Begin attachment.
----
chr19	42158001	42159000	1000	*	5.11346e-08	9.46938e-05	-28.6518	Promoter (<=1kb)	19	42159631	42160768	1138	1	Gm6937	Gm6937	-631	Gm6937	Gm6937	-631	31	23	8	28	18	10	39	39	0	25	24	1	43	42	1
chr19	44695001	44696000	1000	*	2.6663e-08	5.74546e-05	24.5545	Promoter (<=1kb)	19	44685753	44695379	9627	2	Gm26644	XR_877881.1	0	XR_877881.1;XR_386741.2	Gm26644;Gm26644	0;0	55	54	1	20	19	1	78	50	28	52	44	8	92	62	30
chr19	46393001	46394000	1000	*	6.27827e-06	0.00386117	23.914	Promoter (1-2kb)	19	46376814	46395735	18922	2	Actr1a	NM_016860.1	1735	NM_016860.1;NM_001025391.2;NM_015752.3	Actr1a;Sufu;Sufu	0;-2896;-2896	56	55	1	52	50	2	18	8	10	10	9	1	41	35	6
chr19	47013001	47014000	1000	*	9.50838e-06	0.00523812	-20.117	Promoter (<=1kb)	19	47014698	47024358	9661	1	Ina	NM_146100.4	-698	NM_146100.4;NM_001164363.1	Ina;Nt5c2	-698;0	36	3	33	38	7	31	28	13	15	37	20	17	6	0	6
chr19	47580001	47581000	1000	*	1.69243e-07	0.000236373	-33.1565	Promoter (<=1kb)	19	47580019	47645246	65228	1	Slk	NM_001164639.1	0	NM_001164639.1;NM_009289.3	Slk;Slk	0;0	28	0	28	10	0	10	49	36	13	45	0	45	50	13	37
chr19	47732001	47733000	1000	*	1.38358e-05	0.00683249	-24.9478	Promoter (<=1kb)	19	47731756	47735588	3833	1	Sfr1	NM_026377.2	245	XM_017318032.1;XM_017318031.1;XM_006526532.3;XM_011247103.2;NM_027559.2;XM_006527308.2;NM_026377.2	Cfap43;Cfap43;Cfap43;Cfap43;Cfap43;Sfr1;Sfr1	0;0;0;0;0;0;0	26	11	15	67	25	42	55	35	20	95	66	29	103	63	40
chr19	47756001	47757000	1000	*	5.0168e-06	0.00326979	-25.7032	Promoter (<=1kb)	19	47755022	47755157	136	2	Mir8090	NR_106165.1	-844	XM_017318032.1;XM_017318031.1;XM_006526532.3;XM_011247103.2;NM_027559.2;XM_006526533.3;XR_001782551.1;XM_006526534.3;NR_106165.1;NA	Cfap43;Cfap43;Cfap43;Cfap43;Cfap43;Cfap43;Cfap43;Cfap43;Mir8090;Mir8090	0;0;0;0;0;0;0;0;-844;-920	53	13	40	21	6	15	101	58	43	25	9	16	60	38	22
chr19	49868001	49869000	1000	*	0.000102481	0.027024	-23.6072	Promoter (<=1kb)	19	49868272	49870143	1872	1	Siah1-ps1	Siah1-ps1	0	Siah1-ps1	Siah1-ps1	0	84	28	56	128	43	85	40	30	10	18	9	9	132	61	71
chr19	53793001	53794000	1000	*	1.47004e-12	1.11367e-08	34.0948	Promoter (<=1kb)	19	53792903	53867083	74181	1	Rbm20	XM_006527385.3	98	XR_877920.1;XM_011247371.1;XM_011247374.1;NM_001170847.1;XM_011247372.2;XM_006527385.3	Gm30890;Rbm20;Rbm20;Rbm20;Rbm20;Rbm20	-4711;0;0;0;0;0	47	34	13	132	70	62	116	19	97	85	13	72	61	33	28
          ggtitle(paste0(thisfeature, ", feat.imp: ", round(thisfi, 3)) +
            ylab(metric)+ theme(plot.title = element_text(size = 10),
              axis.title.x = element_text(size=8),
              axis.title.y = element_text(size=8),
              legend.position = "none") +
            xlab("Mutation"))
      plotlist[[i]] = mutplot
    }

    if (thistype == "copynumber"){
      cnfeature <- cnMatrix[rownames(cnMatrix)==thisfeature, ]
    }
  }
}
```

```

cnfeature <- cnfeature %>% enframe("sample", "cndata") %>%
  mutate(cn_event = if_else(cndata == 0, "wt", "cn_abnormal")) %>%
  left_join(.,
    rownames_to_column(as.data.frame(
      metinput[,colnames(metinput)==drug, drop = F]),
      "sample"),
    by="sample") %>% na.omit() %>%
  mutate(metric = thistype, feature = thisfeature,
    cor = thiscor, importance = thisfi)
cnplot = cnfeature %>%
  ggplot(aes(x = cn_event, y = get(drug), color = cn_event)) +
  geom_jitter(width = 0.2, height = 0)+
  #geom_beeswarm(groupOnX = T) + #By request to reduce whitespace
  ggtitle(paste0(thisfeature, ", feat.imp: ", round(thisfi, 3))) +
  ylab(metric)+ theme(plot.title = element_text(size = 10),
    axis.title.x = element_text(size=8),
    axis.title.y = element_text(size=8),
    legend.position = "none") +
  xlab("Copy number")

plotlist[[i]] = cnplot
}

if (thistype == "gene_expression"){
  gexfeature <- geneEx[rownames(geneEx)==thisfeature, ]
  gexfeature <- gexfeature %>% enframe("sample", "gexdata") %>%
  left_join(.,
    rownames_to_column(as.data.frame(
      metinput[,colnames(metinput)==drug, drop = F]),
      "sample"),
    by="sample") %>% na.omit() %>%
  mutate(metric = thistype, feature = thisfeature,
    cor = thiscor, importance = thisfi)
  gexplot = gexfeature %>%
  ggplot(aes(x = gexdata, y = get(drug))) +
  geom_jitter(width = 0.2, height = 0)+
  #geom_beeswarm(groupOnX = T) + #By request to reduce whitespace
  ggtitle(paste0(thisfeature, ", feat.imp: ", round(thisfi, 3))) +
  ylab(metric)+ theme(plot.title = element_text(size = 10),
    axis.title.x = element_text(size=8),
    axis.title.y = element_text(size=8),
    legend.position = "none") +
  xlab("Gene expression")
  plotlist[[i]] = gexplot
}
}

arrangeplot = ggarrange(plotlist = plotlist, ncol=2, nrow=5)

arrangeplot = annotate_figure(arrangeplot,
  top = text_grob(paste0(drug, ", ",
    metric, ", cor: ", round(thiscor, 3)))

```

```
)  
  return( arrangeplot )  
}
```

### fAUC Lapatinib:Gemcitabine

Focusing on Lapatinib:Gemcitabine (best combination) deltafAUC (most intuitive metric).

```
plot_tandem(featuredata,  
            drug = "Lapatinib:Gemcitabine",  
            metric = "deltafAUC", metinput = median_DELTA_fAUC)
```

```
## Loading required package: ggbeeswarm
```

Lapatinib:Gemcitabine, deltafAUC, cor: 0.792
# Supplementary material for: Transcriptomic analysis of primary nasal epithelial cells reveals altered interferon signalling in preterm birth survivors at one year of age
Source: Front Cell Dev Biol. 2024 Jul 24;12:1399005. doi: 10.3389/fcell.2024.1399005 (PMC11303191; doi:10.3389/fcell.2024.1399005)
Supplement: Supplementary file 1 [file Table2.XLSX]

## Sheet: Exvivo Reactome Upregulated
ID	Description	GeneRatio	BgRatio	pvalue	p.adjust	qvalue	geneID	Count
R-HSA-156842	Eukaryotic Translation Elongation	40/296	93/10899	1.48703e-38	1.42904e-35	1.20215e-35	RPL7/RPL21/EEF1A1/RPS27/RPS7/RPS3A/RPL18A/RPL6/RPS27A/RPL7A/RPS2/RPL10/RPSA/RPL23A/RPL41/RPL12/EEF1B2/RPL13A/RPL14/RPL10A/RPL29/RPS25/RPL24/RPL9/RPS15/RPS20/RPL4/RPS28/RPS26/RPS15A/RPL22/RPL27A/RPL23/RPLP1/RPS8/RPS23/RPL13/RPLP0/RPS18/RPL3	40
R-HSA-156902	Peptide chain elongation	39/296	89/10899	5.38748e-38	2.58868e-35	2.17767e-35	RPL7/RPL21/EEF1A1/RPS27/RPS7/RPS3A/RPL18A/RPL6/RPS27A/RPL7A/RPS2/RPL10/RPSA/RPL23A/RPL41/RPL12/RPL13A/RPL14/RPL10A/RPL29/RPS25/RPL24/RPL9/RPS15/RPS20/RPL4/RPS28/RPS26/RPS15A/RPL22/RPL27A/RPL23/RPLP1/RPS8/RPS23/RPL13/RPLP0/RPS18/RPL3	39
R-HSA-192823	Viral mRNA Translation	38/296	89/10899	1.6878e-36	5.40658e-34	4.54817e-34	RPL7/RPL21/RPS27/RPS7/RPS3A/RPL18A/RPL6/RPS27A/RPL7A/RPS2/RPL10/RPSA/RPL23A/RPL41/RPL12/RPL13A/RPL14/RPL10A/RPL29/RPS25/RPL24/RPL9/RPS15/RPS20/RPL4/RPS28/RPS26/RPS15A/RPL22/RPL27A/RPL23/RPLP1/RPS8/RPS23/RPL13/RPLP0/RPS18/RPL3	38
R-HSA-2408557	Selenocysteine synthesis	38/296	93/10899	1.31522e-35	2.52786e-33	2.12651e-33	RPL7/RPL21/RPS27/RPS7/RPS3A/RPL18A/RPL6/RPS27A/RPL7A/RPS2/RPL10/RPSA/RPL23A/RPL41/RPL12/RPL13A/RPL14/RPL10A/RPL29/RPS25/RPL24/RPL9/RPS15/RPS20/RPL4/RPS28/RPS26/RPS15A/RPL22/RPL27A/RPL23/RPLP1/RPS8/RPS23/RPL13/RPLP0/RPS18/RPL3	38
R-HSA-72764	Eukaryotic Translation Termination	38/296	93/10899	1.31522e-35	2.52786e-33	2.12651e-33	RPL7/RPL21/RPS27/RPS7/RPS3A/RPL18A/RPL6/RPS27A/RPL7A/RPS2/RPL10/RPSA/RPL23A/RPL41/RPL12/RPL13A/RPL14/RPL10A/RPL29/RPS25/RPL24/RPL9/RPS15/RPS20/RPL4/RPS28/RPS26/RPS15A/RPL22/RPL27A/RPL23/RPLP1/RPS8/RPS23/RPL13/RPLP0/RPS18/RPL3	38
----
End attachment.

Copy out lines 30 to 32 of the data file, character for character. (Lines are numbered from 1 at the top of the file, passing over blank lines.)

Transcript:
      "sample"),
    by="sample") %>% na.omit() %>%
  mutate(metric = thistype, feature = thisfeature,